Yoga and Your Liver

Yoga and Your Liver

Understanding, Caring for, and Yoga for Liver Health - By Laura Parr

Reading time: 4 minutes

You probably know that spring is traditionally associated with cleaning and cleansing. You might be planning a spring clean. You may consider that warming period between winter and summer to be the best time to detox. The outside world feels fresh and green in spring, and so it's natural to crave the same for your own body.

As we move slowly towards spring in the northern hemisphere, it's a great time to consider your liver.


Your liver is the main organ responsible for detoxifying your system. Weighing around 1.5kg, your liver is the largest solid organ in your body, second only to your skin. It's found on the right-hand side of your lower ribcage, below your diaphragm and above your stomach.

Your liver filters your blood, producing bile to help carry away any poisonous substances. Holding around a pint of blood at any one time, your liver also stores vitamins and minerals; regulates blood clotting helps balance your blood sugar levels.

Suffice to say, your liver is hugely important. But in the UK, liver disease is on the rise.

Deaths from liver disease have risen by 64% in the last two decades and quadrupled since 1970.

Taking care of your liver

Caring for your liver starts with educating yourself about what liver damage is and isn't. If you're a non-drinker, you might think that you don't need to worry about liver health, but that's not strictly true. There are many diseases associated with the liver, and alcohol-related issues are just one aspect.

Here are some ways to start caring for your liver today:

Reduce how much alcohol you drink

Drink or don't drink? The choice is yours. Drinking responsibly means you don't have to abstain completely if you don't want to.

If you do drink, try tracking how much you drink per week. It can be illuminating to see the numbers written down. Avoid letting other people buy you drinks while out: setting your own pace might mean you drink more slowly than others.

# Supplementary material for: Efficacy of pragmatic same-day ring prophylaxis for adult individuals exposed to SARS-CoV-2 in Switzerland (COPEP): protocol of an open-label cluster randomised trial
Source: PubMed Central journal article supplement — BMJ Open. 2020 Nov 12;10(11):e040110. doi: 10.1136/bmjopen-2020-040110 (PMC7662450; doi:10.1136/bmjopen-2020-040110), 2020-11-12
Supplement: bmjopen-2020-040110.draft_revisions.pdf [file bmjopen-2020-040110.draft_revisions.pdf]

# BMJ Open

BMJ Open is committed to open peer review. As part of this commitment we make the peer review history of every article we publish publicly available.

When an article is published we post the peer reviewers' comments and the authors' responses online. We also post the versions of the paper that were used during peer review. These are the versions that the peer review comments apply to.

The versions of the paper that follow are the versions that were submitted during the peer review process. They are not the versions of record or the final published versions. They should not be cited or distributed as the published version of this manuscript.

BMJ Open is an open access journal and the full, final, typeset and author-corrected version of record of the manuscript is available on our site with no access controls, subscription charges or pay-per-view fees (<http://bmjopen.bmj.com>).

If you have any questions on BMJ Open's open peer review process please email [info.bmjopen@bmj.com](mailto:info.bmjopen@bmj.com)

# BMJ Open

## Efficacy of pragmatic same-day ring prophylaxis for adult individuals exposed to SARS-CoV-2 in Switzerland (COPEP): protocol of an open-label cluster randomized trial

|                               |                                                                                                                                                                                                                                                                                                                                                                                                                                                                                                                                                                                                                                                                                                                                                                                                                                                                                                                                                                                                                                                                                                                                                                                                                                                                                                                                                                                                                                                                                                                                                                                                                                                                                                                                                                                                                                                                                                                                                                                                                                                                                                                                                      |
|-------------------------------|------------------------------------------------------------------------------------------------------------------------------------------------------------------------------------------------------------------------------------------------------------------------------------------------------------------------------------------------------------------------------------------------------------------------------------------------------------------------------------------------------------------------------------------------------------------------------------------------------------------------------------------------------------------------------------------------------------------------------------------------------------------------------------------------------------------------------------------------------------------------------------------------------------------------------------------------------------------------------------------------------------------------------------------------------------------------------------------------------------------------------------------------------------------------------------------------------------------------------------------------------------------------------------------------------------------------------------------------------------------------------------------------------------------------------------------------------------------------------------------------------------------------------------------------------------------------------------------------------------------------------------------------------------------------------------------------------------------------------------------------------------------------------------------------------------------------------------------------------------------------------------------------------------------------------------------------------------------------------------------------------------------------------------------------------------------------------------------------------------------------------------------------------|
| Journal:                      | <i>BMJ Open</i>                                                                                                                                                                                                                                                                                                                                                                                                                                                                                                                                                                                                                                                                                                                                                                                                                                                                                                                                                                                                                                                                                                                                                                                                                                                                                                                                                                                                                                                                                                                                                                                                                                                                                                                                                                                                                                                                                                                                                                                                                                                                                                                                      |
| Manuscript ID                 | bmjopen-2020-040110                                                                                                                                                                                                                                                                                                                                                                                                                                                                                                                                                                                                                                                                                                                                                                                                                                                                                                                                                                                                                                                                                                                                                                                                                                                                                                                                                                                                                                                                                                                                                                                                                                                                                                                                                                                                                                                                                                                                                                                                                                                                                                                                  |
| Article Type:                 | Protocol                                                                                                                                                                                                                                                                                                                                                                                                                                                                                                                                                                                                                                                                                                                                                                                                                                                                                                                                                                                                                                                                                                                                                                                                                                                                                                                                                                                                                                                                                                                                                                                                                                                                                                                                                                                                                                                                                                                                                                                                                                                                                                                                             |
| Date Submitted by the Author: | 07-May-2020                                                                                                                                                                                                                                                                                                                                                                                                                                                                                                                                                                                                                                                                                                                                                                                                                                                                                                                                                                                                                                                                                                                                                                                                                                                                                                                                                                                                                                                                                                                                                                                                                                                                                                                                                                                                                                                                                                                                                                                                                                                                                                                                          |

And make sure you finish each drink before getting a new one, since topping up your glass makes it much harder to track how much you're consuming. Finally, try having a soft drink in between alcoholic beverages.


Follow a healthy diet

Everything you consume gets filtered by your liver, and it has to work particularly hard to break down fatty, sugary and processed foods. But that doesn't mean you have to go without your favourite meals.

If you're a big meat eater, try switching to vegetarian* a couple of times a week. Make sure carbohydrates such as bread, potatoes, grains and pasta make up no more than a third of your daily intake and eat plenty of fresh fruit and vegetables.

Eat mindfully

How you eat is as important as what you eat. Avoid watching TV or having big, intense conversations at mealtimes. Sit with a good posture and pay attention to every mouthful. This will help you chew your food better, leading to more efficient digestion and a better understanding of when you are full.

Overeating puts excess strain on your liver and the extra fat forms a layer around your liver, potentially leading to non-alcoholic fatty liver disease.

Practice safe sex

You're probably not in the habit of considering your liver when it comes to your sex life, but if you have multiple partners, your chance of contracting hepatitis or some other liver-affecting disease rises.


When you move your body, the stress on your liver diminishes. Do whatever brings you joy, whether it be walking or running, swimming or aerobics. And of course, yoga is a wonderful way of reducing stress and inflammation and improving blood flow to your liver cells.

Working with your liver in yoga

There is plenty of advice on the internet about which poses are beneficial for your liver health. But taking a step back and learning to actually feel your liver will enable you to better understand what this organ feels like, in health and in sickness.


First of all, learn the location of your liver and get in the habit of taking your awareness there. Since your rib cage protects this vital organ, you can't palpate the whole thing. But if you take a deep inhalation, you might just be able to feel the bottom right-hand edge of it protruding from under your rib cage.

Build awareness of this zone by imagining yourself breathing in and out of your liver, or give the area a few gentle taps to get blood circulation moving there.


As you move through your yoga routine (or any other mindful movement practice), take your awareness back to that area. What happens to the sensations as you stretch and fold, move from side to side and twist? How do different breathing patterns affect those sensations?


Take this liver-awareness off the mat. Try asking your liver how it feels when you're hungry, and again after you have eaten. Or focus your awareness there while you eat.

Working in this way will really help you build awareness of your own liver, and you'll start to understand how it feels and reacts to certain substances and situations. Knowing how stress and diet affect your liver can help you make informed choices about how you live and what you consume, and this can have a beneficial influence on your health generally.

*commission earned from this link.

Laura Parr

Laura Parr is a yoga teacher and therapist based in Central Portugal. She writes the Substack, Learning to Listen.